The Four Building Blocks of Marathon Training

The primary elements of Marathon training 

Base mileage

Build your weekly mileage over time, running three-to-five times per week.

The Long Run

Do a long run every 7–10 days so your body can adjust gradually to long distances.

Speed Work

Practice intervals and tempo runs to increase your cardio capacity.

 Rest and Recovery

Adequate rest helps prevent injuries and mental burnout

Health Benefits of The Run

Race Day Tips

Don't try anything new on race day—no new shoes, new shorts or a new shirt. Don't guzzle 3 cups of coffee if you usually have one. Your long training runs are when you should be fine-tuning your clothing, gear and fueling strategies.

 

 Before the Race

  • Hydrate well for several days leading up to your marathon. Drink a big glass of water before you go to bed the night before race day. Drink another one first thing in the morning.
  • Eat a simple, high-carbohydrate breakfast several hours before the start of the race. Bagels, oatmeal, bars and fruit all work well.
  • Lather up with a little Vaseline or BodyGlide in any areas vulnerable to chafing (you probably learned where during training runs).
  • Get to the starting line early, and if needed, get in the port-a-potty line 30–40 minutes before the official start time. The lines may be long.
  • The temperature is apt to rise over the course of the race, so don't overdress. If you're really cold at the start, wear an oversize trash bag over your clothing to keep warm until the starting gun goes off.
  • If you plan to run with music, check ahead of time whether headphones are allowed on the course; not all marathons permit them. Running with headphones can be dangerous if you can't hear what's happening around you, particularly if you're not on a closed course. Finally, there's something to be said for not tuning out the sounds of the spectator crowds and your fellow runners.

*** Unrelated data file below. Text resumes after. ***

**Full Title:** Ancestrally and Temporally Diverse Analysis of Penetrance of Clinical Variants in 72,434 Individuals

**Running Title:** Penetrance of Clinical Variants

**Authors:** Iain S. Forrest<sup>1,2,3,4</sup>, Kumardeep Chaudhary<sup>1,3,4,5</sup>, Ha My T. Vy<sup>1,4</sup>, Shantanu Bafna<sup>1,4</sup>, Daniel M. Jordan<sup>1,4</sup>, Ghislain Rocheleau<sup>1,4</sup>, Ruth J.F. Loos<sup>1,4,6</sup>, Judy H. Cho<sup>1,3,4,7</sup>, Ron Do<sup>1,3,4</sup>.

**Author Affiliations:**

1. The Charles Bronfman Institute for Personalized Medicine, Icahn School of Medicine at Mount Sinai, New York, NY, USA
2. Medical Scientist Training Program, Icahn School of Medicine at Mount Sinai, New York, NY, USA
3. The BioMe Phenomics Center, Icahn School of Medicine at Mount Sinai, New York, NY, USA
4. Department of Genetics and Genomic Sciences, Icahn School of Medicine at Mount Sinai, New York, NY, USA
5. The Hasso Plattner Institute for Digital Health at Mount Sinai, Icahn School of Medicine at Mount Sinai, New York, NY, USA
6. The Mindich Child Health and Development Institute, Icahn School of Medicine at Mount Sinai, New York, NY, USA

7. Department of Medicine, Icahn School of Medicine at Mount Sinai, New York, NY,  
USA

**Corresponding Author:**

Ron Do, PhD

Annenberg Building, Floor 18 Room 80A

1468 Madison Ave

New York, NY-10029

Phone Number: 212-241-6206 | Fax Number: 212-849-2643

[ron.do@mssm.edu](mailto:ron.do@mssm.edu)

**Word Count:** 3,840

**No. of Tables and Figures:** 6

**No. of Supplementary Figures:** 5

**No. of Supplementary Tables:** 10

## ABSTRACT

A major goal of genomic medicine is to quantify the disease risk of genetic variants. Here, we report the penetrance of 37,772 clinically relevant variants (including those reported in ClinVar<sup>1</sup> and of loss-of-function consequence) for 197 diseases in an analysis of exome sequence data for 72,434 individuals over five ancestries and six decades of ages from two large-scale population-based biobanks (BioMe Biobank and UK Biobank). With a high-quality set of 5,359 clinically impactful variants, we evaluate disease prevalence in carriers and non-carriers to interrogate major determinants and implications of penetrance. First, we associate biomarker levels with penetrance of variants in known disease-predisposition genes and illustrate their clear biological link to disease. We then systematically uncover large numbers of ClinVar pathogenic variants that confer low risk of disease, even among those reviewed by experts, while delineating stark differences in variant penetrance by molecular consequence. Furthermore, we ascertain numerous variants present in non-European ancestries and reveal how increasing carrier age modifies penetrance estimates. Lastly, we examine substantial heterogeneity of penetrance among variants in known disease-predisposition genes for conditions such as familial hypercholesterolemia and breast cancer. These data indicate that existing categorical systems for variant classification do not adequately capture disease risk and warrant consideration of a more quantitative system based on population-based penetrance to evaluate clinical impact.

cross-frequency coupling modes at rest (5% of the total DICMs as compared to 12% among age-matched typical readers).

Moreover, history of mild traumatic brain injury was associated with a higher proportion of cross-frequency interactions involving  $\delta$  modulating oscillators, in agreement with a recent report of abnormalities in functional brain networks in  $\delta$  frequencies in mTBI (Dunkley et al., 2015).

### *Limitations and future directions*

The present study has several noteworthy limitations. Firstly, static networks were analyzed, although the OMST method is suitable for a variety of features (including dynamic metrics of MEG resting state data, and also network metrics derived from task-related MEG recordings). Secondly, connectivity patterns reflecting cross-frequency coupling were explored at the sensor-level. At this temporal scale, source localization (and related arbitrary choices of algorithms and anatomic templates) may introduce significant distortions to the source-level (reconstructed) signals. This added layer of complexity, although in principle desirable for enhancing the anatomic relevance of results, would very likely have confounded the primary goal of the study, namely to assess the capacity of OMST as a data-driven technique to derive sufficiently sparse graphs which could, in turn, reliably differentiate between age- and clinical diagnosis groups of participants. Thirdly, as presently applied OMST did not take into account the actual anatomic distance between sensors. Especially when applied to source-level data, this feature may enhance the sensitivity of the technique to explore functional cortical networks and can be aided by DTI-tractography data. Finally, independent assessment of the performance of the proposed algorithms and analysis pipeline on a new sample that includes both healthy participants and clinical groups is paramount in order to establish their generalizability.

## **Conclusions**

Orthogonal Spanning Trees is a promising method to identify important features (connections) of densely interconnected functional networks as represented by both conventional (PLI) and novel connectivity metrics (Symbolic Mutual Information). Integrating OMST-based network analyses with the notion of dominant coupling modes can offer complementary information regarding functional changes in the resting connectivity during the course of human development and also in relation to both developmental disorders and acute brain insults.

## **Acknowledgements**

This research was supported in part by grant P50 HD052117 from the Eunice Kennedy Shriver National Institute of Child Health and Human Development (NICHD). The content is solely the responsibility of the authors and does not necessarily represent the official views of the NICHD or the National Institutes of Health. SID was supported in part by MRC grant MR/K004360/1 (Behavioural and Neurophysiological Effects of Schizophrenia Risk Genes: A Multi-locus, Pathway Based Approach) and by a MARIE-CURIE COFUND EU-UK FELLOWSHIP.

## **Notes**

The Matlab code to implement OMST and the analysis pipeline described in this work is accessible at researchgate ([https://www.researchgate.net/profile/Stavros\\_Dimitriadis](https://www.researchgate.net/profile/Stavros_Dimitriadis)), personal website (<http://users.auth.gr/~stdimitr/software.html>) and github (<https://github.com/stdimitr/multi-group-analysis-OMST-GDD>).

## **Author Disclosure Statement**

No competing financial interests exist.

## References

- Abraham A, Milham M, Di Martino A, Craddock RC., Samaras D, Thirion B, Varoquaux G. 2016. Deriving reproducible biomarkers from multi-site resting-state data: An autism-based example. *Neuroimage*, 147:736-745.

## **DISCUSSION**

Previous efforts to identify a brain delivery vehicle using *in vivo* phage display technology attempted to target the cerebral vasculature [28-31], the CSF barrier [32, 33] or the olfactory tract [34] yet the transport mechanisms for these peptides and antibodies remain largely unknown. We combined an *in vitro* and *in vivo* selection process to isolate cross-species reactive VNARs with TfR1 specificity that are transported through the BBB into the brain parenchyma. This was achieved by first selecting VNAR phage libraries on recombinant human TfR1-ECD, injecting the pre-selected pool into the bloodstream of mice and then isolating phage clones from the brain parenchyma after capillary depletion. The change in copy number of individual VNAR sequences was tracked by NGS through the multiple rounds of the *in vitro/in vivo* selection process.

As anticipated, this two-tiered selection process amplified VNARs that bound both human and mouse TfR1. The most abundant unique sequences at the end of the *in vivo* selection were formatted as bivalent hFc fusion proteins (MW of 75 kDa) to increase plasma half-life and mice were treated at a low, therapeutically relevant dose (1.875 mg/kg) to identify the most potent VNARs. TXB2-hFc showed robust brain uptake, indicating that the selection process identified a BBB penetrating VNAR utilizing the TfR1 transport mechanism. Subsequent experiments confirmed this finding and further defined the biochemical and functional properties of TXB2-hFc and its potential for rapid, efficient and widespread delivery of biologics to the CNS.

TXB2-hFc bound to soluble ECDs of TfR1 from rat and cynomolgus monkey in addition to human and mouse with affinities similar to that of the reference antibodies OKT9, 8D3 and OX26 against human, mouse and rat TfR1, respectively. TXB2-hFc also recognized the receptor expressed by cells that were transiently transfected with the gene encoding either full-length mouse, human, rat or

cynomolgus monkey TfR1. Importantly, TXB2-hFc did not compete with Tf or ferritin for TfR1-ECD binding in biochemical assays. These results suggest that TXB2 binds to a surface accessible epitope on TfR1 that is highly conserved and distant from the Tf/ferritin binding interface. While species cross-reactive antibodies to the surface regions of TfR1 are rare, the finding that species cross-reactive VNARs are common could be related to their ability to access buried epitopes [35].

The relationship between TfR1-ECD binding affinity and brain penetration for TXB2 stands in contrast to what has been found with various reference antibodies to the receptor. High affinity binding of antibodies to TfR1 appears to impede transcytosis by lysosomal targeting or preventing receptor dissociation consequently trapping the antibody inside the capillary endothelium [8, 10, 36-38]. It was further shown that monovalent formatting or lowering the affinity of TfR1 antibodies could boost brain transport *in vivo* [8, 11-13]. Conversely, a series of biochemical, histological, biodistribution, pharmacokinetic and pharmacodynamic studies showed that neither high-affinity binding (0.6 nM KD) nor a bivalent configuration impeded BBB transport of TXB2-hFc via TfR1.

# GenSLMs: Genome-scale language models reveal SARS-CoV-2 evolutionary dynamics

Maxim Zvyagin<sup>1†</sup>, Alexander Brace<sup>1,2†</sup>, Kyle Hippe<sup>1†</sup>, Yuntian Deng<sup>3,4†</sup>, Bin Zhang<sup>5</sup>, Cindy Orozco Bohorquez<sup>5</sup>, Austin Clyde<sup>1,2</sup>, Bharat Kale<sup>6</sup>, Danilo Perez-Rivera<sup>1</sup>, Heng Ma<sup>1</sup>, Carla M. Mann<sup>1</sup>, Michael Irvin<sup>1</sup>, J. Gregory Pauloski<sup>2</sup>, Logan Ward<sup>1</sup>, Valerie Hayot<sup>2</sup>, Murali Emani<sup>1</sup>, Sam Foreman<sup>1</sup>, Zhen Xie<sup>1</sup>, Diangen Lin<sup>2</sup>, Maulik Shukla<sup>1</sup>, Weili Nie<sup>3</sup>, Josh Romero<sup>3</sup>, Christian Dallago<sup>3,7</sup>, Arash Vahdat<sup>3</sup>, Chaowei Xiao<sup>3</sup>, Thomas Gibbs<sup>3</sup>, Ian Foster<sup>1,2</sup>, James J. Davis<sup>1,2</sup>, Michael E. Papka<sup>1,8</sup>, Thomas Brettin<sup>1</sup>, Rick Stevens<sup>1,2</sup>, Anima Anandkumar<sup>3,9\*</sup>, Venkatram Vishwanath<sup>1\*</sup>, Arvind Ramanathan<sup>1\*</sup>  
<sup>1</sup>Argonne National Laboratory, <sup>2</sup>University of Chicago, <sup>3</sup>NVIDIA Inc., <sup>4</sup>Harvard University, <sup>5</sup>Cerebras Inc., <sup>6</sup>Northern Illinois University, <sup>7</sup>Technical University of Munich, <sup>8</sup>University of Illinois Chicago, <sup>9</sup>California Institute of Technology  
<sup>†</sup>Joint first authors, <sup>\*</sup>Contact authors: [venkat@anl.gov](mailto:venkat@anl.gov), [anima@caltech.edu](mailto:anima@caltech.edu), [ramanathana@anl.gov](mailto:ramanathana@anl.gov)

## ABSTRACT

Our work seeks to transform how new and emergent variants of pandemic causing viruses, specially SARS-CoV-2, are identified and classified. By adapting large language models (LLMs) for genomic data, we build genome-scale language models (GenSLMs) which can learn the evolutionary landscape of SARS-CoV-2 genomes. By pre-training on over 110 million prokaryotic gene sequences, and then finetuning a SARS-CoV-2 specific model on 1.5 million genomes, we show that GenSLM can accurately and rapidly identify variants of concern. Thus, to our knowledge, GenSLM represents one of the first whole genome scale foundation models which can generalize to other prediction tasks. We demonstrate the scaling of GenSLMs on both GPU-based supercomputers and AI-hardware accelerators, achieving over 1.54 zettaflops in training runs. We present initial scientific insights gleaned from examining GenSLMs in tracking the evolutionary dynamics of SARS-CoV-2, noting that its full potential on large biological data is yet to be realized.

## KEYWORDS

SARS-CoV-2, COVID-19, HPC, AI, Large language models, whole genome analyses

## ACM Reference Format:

During the Race

  • Start slowly. It's easy to get caught up in race-day adrenaline, but starting too fast is a big rookie mistake. There will be plenty of miles over which to pick up your pace if you're feeling great.
  • Don't blaze by every aid station or try to drink from a cup while running full blast. Either practice drinking while running before race day or just pull over for a few seconds to drink.
  • Bathroom lines are longest at the first few aid stations. If you can wait another couple miles without discomfort, it may save you time.
  • If you have a friend coming to cheer you on, plan ahead at which spots along the course he or she will meet you. A friend along the way can be a huge boost.
  • Enjoy the energy of the spectators. However, ignore the guy with the box of chocolate donuts. He's trying to be nice, but chocolate-glazed donuts at mile 18 are not a good idea.

 

Race Recovery and Beyond

Race day: In the immediate moments after your finish, drink several cups of water or sports drink to nourish your tired muscles. Walk a little, if you can, to let those muscles cool down. Do gentle stretching. Eat some simple carbohydrates, whether you feel like it or not.

After race day: Take at least a week off before resuming any kind of regular running schedule, and even then take your time easing back into distance and frequency.

Get plenty of sleep. Eat well-balanced meals. Take care of any injuries or ailments you may have developed during the race. Nourish your immune system, which will be more vulnerable immediately after the marathon